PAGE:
Fruit abortion in <i>Yucca elata</i> and its implications for the mutualistic association with yucca moths

TitleFruit abortion in Yucca elata and its implications for the mutualistic association with yucca moths
Publication TypeJournal Article
Year of Publication1994
AuthorsJames CD, M. Hoffman T, Lightfoot DC, Forbes GS, Whitford WG
Date Published1994
Call Number00630
Keywordsarticle, articles, insect, Tegeticula, insect, yucca moth, journal, journals, Tegeticula, Yucca pollination, yucca moth, SEE <TEGETICULA>, Yucca, fruit abortion, Yucca, mutualism, Yucca, pollination, Yucca, yucca moth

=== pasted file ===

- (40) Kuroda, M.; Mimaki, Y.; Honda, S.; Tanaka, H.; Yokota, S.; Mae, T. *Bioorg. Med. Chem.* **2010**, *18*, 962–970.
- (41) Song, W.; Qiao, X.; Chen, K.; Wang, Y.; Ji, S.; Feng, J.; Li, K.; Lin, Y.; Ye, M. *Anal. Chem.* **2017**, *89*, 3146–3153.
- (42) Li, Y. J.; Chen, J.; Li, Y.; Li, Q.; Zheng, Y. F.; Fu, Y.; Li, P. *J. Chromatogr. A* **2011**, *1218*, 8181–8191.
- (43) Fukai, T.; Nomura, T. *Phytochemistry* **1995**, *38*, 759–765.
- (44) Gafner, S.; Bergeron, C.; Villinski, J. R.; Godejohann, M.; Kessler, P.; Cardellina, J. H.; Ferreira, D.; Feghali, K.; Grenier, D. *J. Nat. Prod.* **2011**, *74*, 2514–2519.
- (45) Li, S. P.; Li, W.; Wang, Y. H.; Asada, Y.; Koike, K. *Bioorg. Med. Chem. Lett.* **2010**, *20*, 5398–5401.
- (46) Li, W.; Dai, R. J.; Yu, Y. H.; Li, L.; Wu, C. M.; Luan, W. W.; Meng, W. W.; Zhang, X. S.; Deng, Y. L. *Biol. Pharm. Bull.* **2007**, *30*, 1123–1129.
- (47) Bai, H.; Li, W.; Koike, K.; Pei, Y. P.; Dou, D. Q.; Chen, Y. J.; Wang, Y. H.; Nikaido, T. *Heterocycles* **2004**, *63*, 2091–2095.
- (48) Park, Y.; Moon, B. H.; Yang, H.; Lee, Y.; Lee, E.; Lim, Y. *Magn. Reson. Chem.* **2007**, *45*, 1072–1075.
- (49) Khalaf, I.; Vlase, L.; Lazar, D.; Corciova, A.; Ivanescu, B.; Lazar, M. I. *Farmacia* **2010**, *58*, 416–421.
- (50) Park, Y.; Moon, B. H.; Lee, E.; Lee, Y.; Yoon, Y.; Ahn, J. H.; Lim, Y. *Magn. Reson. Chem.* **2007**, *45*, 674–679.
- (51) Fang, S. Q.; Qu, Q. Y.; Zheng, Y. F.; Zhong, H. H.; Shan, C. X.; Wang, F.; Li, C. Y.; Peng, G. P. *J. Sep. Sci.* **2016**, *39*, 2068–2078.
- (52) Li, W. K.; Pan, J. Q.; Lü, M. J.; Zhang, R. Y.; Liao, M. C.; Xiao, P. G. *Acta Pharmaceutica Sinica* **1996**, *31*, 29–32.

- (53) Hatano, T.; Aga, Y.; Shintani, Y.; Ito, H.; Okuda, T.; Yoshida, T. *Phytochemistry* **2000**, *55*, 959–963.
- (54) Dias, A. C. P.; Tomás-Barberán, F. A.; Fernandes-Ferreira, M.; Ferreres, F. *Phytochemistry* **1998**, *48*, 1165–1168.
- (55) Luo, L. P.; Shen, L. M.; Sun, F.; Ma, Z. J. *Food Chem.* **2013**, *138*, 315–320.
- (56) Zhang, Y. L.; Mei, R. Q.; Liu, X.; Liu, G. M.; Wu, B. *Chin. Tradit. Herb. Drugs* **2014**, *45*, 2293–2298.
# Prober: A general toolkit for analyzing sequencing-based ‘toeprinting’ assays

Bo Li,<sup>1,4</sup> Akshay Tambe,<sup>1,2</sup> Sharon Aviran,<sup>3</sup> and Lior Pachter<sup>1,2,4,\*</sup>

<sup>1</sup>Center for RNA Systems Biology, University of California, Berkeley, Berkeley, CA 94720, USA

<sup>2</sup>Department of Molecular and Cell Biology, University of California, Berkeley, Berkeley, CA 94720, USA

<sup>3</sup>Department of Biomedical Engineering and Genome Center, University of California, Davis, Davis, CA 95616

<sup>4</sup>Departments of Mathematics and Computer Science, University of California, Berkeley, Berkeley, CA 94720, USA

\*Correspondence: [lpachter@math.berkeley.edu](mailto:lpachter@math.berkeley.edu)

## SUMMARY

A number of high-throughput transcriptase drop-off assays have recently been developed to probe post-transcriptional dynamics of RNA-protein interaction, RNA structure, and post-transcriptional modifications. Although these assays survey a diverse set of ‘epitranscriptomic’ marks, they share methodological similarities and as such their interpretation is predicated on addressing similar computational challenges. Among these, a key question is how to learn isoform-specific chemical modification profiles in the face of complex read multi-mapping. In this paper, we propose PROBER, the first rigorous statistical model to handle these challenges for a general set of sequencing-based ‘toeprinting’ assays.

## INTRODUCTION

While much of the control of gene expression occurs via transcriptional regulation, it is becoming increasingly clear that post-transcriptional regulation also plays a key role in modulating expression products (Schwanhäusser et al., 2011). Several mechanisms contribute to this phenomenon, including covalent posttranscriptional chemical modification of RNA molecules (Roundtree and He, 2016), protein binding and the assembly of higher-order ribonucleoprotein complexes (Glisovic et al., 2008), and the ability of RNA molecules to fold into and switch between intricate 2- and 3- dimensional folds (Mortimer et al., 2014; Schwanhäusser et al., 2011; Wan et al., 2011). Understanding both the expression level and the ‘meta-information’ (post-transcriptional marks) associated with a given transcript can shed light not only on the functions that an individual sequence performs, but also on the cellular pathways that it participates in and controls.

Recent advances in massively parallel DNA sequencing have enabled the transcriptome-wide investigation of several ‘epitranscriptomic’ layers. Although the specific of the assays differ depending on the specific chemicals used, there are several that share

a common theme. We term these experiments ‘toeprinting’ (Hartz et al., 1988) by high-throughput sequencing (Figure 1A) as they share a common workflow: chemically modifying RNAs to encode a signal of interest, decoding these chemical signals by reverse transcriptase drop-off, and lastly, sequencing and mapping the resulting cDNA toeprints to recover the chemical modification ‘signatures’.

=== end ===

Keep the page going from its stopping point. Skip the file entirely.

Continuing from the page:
AbstractThe yucca moth Tegeticula yuccasella is the sole pollinator of Yucca elata, and relies on yucca fruits to complete its life cycle. A high percentage of pollinated flowers abort, killing the T. yuccasella eggs and larvae in them. We examined patterns of fruit production and abortion in Y. elata, and related these patterns to vegetative characteristics, moth abundance, and environmental conditions. We studied 38 inflorescences throughout their flowering period, during one season in southern New Mexico, USA. Each night we recorded the number of flowers opening, the number of fruit formed, the relative abundance of yucca moths, and climatic conditions. We monitored 11,786 flowers, resulting in 699 mature fruit. Large inforescences produced more, but proportionately fewer fruit than small inflorescences. Inflorescences flowering late in the season produced proportionately more fruit than inflorescences flowering early. Only 6.6% (extremes 1.4-15.1%) of flowers produced mature fruits. Hand-pollination of all flowers on inflorescences did not significantly increase the proportion of flowers that developed into mature fruit. Fruit production appeared to be resource-, not pollinator- limited. Ninety per cent of observed moth-pollinated flowers aborted (N=31), resulting in the death of moth eggs and larvae laid in the flowers. Neither yucca moth abundance or climatic conditions correlated with fruit production. Inflorescences usually developed mature fruit from flowers opening during a "window" of consecutive nights, lasting for five nights on average (36% of the flowering period of an inflorescence). The timing of the window of fruit production was highly variable and unpredictable: mature fruits were produced from flowers opening at the beginning, in the middle, or at the end of the flowering period of an inflorescence. The results for Y. elata do not support existing hypotheses that attempt to explain patterns of selective fruit production. High rate of abortion of initiated fruit, and the apparently unpredictable pattern of fruit production by individual inflorescences, may stabilize the mutualistic interaction by preventing yucca moths from hyper-ovipositing flowers that have a high probability of developing into mature fruits. A risk-spreading strategy of oviposition is likely to be more successful for the moth than multiple ovipositions per flower.